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Horticulture/Unknown weed



  I am sorry to be sending a second question, but I left out a piece of information that could be important in your efforts to answer the previous question...

  I am located in the city of Newport News in Southeastern Virginia.

  I suggest that you pick one of the canned answers for this "question."  One of them is for use when there is actually no question asked.

  Thank you.


ANSWER: Hi Fred,

I didn't get a photo attached.  Please try again or give me a really good description of the weed.  I also need to know the type of shrub the hedge is composed of.

---------- FOLLOW-UP ----------

Unknown Weed
Unknown Weed  

  I'm sorry the image didn't come through the first time.  I have attached it to this follow-up question.

  I don't know what the shrub is and no one is available to ask until next week.  The shrubs are widely spaced, so there is ample sunshine available to the ground below.

  If this picture also fails, it may be due to its size.  If so, I'll try to figure out a way to reduce the resolution and try once more.

  If you are unable to identify the plant, I'll ask about the shrub when they get back and send another follow-up.


Hi Fred,

That looks like common purslane (portulaca oleracea) from the photo.  It is a fleshy, succulent-type weed, and post-emergent herbicides that don't move through the soil (like round-up) don't work well on it.  It makes a ton of seeds, too, so it's important to attack it before it has a chance to drop all of them.  I think your best bet here is to remove as much as you can manually, then put a heavy mulch (pine bark, straw, etc) at least 3" deep.  In spring, I would begin using a pre-emerge herbicide (dimension, preen, amaze, etc) that you just sprinkle on top of the mulch like salt to keep any remaining seeds from germinating.  Hope this helps!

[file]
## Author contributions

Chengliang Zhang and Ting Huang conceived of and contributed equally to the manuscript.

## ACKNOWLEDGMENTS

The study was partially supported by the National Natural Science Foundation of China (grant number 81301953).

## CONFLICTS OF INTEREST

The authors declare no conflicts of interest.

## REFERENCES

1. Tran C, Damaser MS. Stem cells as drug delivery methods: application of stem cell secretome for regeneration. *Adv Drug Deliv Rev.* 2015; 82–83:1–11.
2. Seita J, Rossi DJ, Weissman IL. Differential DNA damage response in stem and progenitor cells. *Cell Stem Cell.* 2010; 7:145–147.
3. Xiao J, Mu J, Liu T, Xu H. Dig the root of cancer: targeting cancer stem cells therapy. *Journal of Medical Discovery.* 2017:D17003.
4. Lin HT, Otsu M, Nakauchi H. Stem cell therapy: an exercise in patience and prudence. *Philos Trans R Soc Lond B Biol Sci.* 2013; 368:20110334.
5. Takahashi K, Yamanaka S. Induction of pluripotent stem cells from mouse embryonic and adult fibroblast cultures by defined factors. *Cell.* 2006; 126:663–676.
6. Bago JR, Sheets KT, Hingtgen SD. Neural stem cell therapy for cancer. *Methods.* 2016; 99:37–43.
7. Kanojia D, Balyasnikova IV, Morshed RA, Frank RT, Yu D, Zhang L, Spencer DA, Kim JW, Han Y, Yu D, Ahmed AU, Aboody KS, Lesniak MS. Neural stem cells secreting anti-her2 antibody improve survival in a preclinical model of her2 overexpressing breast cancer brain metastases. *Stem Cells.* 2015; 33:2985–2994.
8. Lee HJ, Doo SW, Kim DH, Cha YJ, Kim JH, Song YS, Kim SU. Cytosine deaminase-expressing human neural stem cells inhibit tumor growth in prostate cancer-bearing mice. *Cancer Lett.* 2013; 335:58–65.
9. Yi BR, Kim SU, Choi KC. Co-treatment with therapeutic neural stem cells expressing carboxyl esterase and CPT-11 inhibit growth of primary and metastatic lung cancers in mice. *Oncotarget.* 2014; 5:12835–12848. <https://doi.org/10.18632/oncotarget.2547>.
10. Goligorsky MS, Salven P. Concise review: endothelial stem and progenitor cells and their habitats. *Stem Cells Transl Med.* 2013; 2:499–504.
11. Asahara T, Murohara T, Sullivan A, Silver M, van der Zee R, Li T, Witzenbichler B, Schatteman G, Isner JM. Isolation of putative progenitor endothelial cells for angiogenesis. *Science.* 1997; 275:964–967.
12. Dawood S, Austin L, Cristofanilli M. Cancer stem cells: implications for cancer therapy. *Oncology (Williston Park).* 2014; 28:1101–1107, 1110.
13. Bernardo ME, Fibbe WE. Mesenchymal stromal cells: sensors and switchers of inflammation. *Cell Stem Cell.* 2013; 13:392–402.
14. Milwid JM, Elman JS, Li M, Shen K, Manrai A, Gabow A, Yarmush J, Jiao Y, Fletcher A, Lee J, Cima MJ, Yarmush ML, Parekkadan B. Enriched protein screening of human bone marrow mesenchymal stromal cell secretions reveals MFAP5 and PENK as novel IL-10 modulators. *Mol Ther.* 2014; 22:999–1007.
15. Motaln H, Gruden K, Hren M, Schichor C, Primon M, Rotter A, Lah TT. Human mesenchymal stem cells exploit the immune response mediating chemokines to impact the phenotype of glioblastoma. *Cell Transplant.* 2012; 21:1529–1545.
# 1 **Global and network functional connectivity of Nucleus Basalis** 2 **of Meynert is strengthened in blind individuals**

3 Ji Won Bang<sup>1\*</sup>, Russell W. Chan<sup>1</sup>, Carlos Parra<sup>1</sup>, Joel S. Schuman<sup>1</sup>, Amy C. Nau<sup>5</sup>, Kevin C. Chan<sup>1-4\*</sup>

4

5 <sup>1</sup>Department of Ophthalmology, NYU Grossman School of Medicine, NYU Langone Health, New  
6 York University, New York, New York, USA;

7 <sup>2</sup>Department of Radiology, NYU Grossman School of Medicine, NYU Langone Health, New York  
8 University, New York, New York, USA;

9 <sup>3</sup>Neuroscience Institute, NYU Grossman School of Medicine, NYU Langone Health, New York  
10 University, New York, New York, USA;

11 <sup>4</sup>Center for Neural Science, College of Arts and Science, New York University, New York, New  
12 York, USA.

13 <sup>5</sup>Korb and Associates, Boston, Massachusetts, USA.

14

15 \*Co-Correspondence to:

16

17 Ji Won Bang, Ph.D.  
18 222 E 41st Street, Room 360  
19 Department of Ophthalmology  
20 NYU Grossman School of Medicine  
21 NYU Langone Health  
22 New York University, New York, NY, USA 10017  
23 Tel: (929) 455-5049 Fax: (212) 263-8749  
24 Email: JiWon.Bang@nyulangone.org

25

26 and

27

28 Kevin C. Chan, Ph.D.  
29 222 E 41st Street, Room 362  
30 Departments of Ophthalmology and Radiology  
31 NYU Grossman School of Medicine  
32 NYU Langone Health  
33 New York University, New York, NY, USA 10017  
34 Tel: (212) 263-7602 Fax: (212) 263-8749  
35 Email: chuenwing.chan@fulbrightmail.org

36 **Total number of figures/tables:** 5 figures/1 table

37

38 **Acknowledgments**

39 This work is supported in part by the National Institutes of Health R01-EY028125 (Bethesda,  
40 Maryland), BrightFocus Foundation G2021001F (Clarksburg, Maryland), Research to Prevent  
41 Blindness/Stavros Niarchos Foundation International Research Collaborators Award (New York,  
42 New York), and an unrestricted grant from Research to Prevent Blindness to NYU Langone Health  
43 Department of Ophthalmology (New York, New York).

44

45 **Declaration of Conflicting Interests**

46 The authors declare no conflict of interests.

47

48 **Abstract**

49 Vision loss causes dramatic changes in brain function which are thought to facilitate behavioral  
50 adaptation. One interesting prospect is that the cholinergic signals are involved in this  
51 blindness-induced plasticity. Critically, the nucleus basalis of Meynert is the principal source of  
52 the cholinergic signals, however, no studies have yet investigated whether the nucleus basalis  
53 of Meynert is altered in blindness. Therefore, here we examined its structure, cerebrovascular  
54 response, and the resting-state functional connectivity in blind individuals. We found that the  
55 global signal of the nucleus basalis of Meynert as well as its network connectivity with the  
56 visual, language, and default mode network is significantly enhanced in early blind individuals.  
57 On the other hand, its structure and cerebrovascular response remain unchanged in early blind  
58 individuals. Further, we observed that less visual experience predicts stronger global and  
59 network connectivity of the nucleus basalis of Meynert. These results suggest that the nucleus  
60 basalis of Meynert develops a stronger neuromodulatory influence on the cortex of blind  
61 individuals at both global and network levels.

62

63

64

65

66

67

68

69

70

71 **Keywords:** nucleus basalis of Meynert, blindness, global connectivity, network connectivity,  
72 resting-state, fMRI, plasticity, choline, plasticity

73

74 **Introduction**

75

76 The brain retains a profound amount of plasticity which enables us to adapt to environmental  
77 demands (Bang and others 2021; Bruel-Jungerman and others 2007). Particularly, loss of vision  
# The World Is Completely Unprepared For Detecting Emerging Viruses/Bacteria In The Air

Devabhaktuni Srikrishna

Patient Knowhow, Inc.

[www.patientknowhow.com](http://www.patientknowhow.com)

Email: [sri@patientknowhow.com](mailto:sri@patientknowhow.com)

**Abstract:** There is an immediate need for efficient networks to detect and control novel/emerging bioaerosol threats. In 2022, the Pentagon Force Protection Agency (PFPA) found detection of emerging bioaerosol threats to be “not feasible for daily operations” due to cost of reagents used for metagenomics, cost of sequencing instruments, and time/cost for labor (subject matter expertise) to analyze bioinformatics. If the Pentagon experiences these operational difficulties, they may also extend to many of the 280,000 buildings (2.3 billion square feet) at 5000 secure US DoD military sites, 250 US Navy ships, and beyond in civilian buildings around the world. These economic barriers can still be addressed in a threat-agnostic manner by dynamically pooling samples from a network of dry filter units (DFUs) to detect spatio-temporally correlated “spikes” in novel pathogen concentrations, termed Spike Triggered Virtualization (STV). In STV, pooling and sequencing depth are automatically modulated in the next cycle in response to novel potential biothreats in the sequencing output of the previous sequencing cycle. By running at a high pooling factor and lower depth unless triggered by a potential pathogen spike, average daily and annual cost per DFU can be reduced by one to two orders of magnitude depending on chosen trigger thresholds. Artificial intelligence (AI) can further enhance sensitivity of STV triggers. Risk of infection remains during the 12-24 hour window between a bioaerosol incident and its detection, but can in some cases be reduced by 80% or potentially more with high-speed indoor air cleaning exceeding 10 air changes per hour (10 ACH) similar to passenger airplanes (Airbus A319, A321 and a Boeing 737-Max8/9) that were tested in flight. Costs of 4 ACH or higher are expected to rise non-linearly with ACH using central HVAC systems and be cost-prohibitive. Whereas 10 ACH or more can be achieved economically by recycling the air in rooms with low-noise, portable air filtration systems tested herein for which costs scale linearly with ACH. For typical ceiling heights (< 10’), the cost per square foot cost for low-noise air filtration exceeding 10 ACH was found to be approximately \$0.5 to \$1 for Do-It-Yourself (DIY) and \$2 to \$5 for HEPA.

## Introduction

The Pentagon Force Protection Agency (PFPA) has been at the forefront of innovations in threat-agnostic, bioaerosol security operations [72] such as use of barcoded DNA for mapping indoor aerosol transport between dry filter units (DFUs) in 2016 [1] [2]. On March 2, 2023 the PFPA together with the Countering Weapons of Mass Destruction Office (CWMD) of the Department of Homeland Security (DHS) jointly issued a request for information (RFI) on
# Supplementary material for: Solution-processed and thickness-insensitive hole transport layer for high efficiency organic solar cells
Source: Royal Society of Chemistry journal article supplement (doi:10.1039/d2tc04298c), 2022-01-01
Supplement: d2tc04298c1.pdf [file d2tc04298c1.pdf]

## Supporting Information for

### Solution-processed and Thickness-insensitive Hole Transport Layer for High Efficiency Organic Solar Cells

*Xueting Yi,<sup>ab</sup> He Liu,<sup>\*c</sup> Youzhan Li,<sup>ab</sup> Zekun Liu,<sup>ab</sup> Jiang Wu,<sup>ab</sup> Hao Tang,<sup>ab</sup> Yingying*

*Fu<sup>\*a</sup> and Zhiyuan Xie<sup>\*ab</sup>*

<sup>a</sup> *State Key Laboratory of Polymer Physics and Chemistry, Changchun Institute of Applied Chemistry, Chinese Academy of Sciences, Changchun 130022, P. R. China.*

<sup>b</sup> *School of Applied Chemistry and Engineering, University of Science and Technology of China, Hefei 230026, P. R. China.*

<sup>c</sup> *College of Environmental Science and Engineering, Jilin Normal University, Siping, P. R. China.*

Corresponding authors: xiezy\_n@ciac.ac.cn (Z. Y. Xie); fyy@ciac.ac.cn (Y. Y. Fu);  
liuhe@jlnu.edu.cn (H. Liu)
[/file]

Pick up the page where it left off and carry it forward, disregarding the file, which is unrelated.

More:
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Susan Tabor


Entomology,plant pathology, agronomy, native plants, useful and edible plants,medicinal plants,landscape design and installation, plant taxonomy and identification, cultivars and varieties, Botany, nutrient deficiencies, plant recommendations and troubleshooting.


35 years as a professional horticulturist and landscape contractor. I have a network of contacts at leading universities and with acknowledged experts in the field. I've restored the landscapes of several plantations, 2 Governors mansions and owned/managed 3 nursery/garden centers. I discovered a new subspecies of Emelia in 1997. I've locally introduced several native or volunteer species into mainstream landscape design.

Morning Advocate The Register Better Homes and Gardens All Experts - Approx 1996-97

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